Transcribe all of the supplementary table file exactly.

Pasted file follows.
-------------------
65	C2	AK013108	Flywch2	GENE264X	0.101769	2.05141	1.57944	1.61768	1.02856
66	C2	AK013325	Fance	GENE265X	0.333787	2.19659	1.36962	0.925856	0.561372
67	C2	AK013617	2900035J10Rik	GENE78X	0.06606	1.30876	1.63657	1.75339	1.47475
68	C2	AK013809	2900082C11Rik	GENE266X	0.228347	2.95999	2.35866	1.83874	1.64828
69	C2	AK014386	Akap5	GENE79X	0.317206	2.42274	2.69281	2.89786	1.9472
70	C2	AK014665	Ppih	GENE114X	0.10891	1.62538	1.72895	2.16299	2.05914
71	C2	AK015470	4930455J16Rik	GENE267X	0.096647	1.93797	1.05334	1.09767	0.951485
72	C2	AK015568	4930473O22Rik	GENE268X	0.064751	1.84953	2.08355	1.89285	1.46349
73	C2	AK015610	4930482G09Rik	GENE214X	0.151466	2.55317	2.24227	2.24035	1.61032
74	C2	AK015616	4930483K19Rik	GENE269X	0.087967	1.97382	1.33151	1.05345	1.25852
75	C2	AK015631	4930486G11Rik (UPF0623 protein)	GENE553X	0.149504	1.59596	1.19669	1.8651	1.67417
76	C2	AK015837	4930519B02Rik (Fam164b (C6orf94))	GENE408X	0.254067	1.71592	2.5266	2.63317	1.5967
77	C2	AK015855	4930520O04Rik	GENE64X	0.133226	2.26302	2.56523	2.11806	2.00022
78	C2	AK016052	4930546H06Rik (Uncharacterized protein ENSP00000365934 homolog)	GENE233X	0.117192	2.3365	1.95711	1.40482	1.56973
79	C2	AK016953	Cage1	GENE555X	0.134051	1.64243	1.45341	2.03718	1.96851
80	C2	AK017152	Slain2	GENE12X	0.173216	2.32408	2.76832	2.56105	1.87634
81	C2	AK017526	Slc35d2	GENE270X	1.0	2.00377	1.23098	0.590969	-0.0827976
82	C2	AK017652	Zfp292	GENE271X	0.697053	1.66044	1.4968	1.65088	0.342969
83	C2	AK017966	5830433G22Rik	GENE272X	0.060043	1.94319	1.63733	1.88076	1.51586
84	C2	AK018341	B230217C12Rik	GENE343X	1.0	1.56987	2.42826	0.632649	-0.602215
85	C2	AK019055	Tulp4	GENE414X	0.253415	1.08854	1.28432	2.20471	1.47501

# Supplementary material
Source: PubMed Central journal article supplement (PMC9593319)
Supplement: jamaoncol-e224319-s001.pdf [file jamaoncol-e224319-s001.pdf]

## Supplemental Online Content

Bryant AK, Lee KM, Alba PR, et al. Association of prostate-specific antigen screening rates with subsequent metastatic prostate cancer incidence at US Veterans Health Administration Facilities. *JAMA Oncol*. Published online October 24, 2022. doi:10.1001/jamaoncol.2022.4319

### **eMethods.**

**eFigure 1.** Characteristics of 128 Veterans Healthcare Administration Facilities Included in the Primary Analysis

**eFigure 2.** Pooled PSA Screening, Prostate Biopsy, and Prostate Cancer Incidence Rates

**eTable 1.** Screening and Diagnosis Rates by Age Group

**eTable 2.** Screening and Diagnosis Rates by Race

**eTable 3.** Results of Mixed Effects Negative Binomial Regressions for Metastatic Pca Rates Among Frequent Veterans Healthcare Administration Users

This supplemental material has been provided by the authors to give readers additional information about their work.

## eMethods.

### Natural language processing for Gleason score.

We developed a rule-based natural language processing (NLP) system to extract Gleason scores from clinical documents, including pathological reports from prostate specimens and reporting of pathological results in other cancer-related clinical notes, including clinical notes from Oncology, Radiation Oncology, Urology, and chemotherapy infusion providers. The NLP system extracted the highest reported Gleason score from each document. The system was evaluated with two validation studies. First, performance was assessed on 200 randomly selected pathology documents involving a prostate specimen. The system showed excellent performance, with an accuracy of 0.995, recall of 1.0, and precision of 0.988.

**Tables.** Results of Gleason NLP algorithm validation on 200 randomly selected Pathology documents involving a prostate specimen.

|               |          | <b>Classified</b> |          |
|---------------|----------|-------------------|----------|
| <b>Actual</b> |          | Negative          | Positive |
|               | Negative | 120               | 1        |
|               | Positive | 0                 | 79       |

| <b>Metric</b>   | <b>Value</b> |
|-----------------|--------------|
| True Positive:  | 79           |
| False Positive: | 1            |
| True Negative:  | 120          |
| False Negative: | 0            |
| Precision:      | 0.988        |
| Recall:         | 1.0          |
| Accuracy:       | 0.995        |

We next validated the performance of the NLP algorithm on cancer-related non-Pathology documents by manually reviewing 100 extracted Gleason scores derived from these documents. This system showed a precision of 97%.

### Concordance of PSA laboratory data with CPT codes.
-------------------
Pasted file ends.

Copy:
65	C2	AK013108	Flywch2	GENE264X	0.101769	2.05141	1.57944	1.61768	1.02856
66	C2	AK013325	Fance	GENE265X	0.333787	2.19659	1.36962	0.925856	0.561372
67	C2	AK013617	2900035J10Rik	GENE78X	0.06606	1.30876	1.63657	1.75339	1.47475
68	C2	AK013809	2900082C11Rik	GENE266X	0.228347	2.95999	2.35866	1.83874	1.64828
69	C2	AK014386	Akap5	GENE79X	0.317206	2.42274	2.69281	2.89786	1.9472
70	C2	AK014665	Ppih	GENE114X	0.10891	1.62538	1.72895	2.16299	2.05914
71	C2	AK015470	4930455J16Rik	GENE267X	0.096647	1.93797	1.05334	1.09767	0.951485
72	C2	AK015568	4930473O22Rik	GENE268X	0.064751	1.84953	2.08355	1.89285	1.46349
73	C2	AK015610	4930482G09Rik	GENE214X	0.151466	2.55317	2.24227	2.24035	1.61032
74	C2	AK015616	4930483K19Rik	GENE269X	0.087967	1.97382	1.33151	1.05345	1.25852
75	C2	AK015631	4930486G11Rik (UPF0623 protein)	GENE553X	0.149504	1.59596	1.19669	1.8651	1.67417
76	C2	AK015837	4930519B02Rik (Fam164b (C6orf94))	GENE408X	0.254067	1.71592	2.5266	2.63317	1.5967
77	C2	AK015855	4930520O04Rik	GENE64X	0.133226	2.26302	2.56523	2.11806	2.00022
78	C2	AK016052	4930546H06Rik (Uncharacterized protein ENSP00000365934 homolog)	GENE233X	0.117192	2.3365	1.95711	1.40482	1.56973
79	C2	AK016953	Cage1	GENE555X	0.134051	1.64243	1.45341	2.03718	1.96851
80	C2	AK017152	Slain2	GENE12X	0.173216	2.32408	2.76832	2.56105	1.87634
81	C2	AK017526	Slc35d2	GENE270X	1.0	2.00377	1.23098	0.590969	-0.0827976
82	C2	AK017652	Zfp292	GENE271X	0.697053	1.66044	1.4968	1.65088	0.342969
83	C2	AK017966	5830433G22Rik	GENE272X	0.060043	1.94319	1.63733	1.88076	1.51586
84	C2	AK018341	B230217C12Rik	GENE343X	1.0	1.56987	2.42826	0.632649	-0.602215
85	C2	AK019055	Tulp4	GENE414X	0.253415	1.08854	1.28432	2.20471	1.47501

# Supplementary material
Source: PubMed Central journal article supplement (PMC9593319)
Supplement: jamaoncol-e224319-s001.pdf [file jamaoncol-e224319-s001.pdf]

## Supplemental Online Content

Bryant AK, Lee KM, Alba PR, et al. Association of prostate-specific antigen screening rates with subsequent metastatic prostate cancer incidence at US Veterans Health Administration Facilities. *JAMA Oncol*. Published online October 24, 2022. doi:10.1001/jamaoncol.2022.4319

### **eMethods.**

**eFigure 1.** Characteristics of 128 Veterans Healthcare Administration Facilities Included in the Primary Analysis

**eFigure 2.** Pooled PSA Screening, Prostate Biopsy, and Prostate Cancer Incidence Rates

**eTable 1.** Screening and Diagnosis Rates by Age Group

**eTable 2.** Screening and Diagnosis Rates by Race

**eTable 3.** Results of Mixed Effects Negative Binomial Regressions for Metastatic Pca Rates Among Frequent Veterans Healthcare Administration Users

This supplemental material has been provided by the authors to give readers additional information about their work.

## eMethods.

### Natural language processing for Gleason score.

We developed a rule-based natural language processing (NLP) system to extract Gleason scores from clinical documents, including pathological reports from prostate specimens and reporting of pathological results in other cancer-related clinical notes, including clinical notes from Oncology, Radiation Oncology, Urology, and chemotherapy infusion providers. The NLP system extracted the highest reported Gleason score from each document. The system was evaluated with two validation studies. First, performance was assessed on 200 randomly selected pathology documents involving a prostate specimen. The system showed excellent performance, with an accuracy of 0.995, recall of 1.0, and precision of 0.988.

**Tables.** Results of Gleason NLP algorithm validation on 200 randomly selected Pathology documents involving a prostate specimen.

|               |          | <b>Classified</b> |          |
|---------------|----------|-------------------|----------|
| <b>Actual</b> |          | Negative          | Positive |
|               | Negative | 120               | 1        |
|               | Positive | 0                 | 79       |

| <b>Metric</b>   | <b>Value</b> |
|-----------------|--------------|
| True Positive:  | 79           |
| False Positive: | 1            |
| True Negative:  | 120          |
| False Negative: | 0            |
| Precision:      | 0.988        |
| Recall:         | 1.0          |
| Accuracy:       | 0.995        |

We next validated the performance of the NLP algorithm on cancer-related non-Pathology documents by manually reviewing 100 extracted Gleason scores derived from these documents. This system showed a precision of 97%.

### Concordance of PSA laboratory data with CPT codes.